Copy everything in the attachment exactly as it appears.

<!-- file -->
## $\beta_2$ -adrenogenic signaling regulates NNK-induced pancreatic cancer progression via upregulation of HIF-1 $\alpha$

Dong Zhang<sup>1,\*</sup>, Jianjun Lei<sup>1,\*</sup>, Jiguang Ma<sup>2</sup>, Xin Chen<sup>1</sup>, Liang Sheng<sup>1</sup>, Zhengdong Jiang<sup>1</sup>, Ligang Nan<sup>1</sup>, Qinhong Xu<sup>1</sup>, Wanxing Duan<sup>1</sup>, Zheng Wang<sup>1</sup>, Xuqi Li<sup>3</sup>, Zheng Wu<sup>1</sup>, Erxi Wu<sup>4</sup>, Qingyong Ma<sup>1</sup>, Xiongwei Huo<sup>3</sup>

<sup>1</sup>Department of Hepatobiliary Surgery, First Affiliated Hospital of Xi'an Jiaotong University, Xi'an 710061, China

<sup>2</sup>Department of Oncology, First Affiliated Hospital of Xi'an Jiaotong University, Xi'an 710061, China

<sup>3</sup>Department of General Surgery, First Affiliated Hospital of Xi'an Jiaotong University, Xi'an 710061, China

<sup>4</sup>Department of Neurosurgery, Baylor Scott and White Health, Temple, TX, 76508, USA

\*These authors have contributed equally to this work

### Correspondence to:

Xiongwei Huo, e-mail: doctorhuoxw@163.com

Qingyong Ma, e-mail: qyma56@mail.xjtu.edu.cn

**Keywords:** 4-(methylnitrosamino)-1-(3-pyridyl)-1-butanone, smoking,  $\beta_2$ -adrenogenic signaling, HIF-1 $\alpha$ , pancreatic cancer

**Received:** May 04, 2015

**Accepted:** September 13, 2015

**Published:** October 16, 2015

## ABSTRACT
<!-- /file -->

## $\beta_2$ -adrenogenic signaling regulates NNK-induced pancreatic cancer progression via upregulation of HIF-1 $\alpha$

Dong Zhang<sup>1,\*</sup>, Jianjun Lei<sup>1,\*</sup>, Jiguang Ma<sup>2</sup>, Xin Chen<sup>1</sup>, Liang Sheng<sup>1</sup>, Zhengdong Jiang<sup>1</sup>, Ligang Nan<sup>1</sup>, Qinhong Xu<sup>1</sup>, Wanxing Duan<sup>1</sup>, Zheng Wang<sup>1</sup>, Xuqi Li<sup>3</sup>, Zheng Wu<sup>1</sup>, Erxi Wu<sup>4</sup>, Qingyong Ma<sup>1</sup>, Xiongwei Huo<sup>3</sup>

<sup>1</sup>Department of Hepatobiliary Surgery, First Affiliated Hospital of Xi'an Jiaotong University, Xi'an 710061, China

<sup>2</sup>Department of Oncology, First Affiliated Hospital of Xi'an Jiaotong University, Xi'an 710061, China

<sup>3</sup>Department of General Surgery, First Affiliated Hospital of Xi'an Jiaotong University, Xi'an 710061, China

<sup>4</sup>Department of Neurosurgery, Baylor Scott and White Health, Temple, TX, 76508, USA

\*These authors have contributed equally to this work

### Correspondence to:

Xiongwei Huo, e-mail: doctorhuoxw@163.com

Qingyong Ma, e-mail: qyma56@mail.xjtu.edu.cn

**Keywords:** 4-(methylnitrosamino)-1-(3-pyridyl)-1-butanone, smoking,  $\beta_2$ -adrenogenic signaling, HIF-1 $\alpha$ , pancreatic cancer

**Received:** May 04, 2015

**Accepted:** September 13, 2015

**Published:** October 16, 2015

## ABSTRACT